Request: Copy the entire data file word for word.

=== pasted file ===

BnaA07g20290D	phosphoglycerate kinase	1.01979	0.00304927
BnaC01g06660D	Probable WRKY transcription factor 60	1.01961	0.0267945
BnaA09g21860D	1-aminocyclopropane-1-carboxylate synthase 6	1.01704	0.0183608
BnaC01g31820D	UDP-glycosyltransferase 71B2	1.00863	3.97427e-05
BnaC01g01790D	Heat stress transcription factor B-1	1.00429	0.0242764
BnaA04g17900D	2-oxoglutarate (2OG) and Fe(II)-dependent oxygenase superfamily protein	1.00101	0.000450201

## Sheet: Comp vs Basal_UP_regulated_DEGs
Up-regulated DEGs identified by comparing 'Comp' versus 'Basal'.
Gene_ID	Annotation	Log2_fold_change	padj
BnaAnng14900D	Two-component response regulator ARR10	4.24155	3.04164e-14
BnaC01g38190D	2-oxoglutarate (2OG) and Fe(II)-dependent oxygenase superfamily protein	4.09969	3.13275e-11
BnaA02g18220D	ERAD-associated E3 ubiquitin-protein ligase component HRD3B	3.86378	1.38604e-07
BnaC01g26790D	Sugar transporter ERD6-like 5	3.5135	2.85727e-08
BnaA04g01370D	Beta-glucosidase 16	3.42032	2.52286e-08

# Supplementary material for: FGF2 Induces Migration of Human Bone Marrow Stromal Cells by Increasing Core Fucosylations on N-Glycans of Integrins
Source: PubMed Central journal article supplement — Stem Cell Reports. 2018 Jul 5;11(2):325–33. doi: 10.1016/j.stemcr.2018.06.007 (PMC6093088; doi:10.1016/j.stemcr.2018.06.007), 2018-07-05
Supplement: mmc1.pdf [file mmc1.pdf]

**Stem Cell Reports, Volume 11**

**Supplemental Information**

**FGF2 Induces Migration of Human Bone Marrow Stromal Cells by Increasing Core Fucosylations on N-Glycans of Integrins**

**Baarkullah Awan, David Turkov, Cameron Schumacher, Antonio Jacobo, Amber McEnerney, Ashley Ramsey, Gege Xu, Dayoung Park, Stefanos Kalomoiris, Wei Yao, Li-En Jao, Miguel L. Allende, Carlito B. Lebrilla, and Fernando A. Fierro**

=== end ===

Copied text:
BnaA07g20290D	phosphoglycerate kinase	1.01979	0.00304927
BnaC01g06660D	Probable WRKY transcription factor 60	1.01961	0.0267945
BnaA09g21860D	1-aminocyclopropane-1-carboxylate synthase 6	1.01704	0.0183608
BnaC01g31820D	UDP-glycosyltransferase 71B2	1.00863	3.97427e-05
BnaC01g01790D	Heat stress transcription factor B-1	1.00429	0.0242764
BnaA04g17900D	2-oxoglutarate (2OG) and Fe(II)-dependent oxygenase superfamily protein	1.00101	0.000450201

## Sheet: Comp vs Basal_UP_regulated_DEGs
Up-regulated DEGs identified by comparing 'Comp' versus 'Basal'.
Gene_ID	Annotation	Log2_fold_change	padj
BnaAnng14900D	Two-component response regulator ARR10	4.24155	3.04164e-14
BnaC01g38190D	2-oxoglutarate (2OG) and Fe(II)-dependent oxygenase superfamily protein	4.09969	3.13275e-11
BnaA02g18220D	ERAD-associated E3 ubiquitin-protein ligase component HRD3B	3.86378	1.38604e-07
BnaC01g26790D	Sugar transporter ERD6-like 5	3.5135	2.85727e-08
BnaA04g01370D	Beta-glucosidase 16	3.42032	2.52286e-08

# Supplementary material for: FGF2 Induces Migration of Human Bone Marrow Stromal Cells by Increasing Core Fucosylations on N-Glycans of Integrins
Source: PubMed Central journal article supplement — Stem Cell Reports. 2018 Jul 5;11(2):325–33. doi: 10.1016/j.stemcr.2018.06.007 (PMC6093088; doi:10.1016/j.stemcr.2018.06.007), 2018-07-05
Supplement: mmc1.pdf [file mmc1.pdf]

**Stem Cell Reports, Volume 11**

**Supplemental Information**

**FGF2 Induces Migration of Human Bone Marrow Stromal Cells by Increasing Core Fucosylations on N-Glycans of Integrins**

**Baarkullah Awan, David Turkov, Cameron Schumacher, Antonio Jacobo, Amber McEnerney, Ashley Ramsey, Gege Xu, Dayoung Park, Stefanos Kalomoiris, Wei Yao, Li-En Jao, Miguel L. Allende, Carlito B. Lebrilla, and Fernando A. Fierro**